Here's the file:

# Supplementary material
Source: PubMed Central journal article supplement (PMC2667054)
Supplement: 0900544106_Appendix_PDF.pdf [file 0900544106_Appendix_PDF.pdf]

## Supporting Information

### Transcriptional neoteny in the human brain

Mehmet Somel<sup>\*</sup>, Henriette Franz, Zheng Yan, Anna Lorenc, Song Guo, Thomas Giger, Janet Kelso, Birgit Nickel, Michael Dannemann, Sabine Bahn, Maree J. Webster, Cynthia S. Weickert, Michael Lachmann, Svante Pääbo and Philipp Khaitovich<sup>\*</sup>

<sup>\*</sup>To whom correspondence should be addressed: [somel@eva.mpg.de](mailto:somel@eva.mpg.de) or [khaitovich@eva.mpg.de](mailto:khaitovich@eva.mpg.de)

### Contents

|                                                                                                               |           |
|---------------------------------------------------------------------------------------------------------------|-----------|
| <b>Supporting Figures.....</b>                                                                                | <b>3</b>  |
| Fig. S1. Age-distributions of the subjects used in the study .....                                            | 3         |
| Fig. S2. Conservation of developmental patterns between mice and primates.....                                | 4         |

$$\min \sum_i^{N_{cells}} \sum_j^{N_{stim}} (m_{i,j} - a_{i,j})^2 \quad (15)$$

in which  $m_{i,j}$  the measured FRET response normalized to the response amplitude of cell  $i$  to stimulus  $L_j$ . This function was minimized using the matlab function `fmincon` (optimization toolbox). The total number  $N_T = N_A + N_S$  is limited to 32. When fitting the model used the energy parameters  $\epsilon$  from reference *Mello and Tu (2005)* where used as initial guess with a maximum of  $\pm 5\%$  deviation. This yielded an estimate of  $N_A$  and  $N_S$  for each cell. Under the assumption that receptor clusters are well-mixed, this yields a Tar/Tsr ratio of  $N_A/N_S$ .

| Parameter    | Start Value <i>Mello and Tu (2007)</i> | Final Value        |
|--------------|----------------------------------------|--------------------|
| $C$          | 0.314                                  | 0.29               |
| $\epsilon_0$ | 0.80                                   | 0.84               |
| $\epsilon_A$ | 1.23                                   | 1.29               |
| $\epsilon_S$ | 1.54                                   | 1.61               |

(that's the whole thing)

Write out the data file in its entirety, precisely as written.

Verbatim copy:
# Supplementary material
Source: PubMed Central journal article supplement (PMC2667054)
Supplement: 0900544106_Appendix_PDF.pdf [file 0900544106_Appendix_PDF.pdf]

## Supporting Information

### Transcriptional neoteny in the human brain

Mehmet Somel<sup>\*</sup>, Henriette Franz, Zheng Yan, Anna Lorenc, Song Guo, Thomas Giger, Janet Kelso, Birgit Nickel, Michael Dannemann, Sabine Bahn, Maree J. Webster, Cynthia S. Weickert, Michael Lachmann, Svante Pääbo and Philipp Khaitovich<sup>\*</sup>

<sup>\*</sup>To whom correspondence should be addressed: [somel@eva.mpg.de](mailto:somel@eva.mpg.de) or [khaitovich@eva.mpg.de](mailto:khaitovich@eva.mpg.de)

### Contents

|                                                                                                               |           |
|---------------------------------------------------------------------------------------------------------------|-----------|
| <b>Supporting Figures.....</b>                                                                                | <b>3</b>  |
| Fig. S1. Age-distributions of the subjects used in the study .....                                            | 3         |
| Fig. S2. Conservation of developmental patterns between mice and primates.....                                | 4         |

$$\min \sum_i^{N_{cells}} \sum_j^{N_{stim}} (m_{i,j} - a_{i,j})^2 \quad (15)$$

in which  $m_{i,j}$  the measured FRET response normalized to the response amplitude of cell  $i$  to stimulus  $L_j$ . This function was minimized using the matlab function `fmincon` (optimization toolbox). The total number  $N_T = N_A + N_S$  is limited to 32. When fitting the model used the energy parameters  $\epsilon$  from reference *Mello and Tu (2005)* where used as initial guess with a maximum of  $\pm 5\%$  deviation. This yielded an estimate of  $N_A$  and  $N_S$  for each cell. Under the assumption that receptor clusters are well-mixed, this yields a Tar/Tsr ratio of  $N_A/N_S$ .

| Parameter    | Start Value <i>Mello and Tu (2007)</i> | Final Value        |
|--------------|----------------------------------------|--------------------|
| $C$          | 0.314                                  | 0.29               |
| $\epsilon_0$ | 0.80                                   | 0.84               |
| $\epsilon_A$ | 1.23                                   | 1.29               |
| $\epsilon_S$ | 1.54                                   | 1.61               |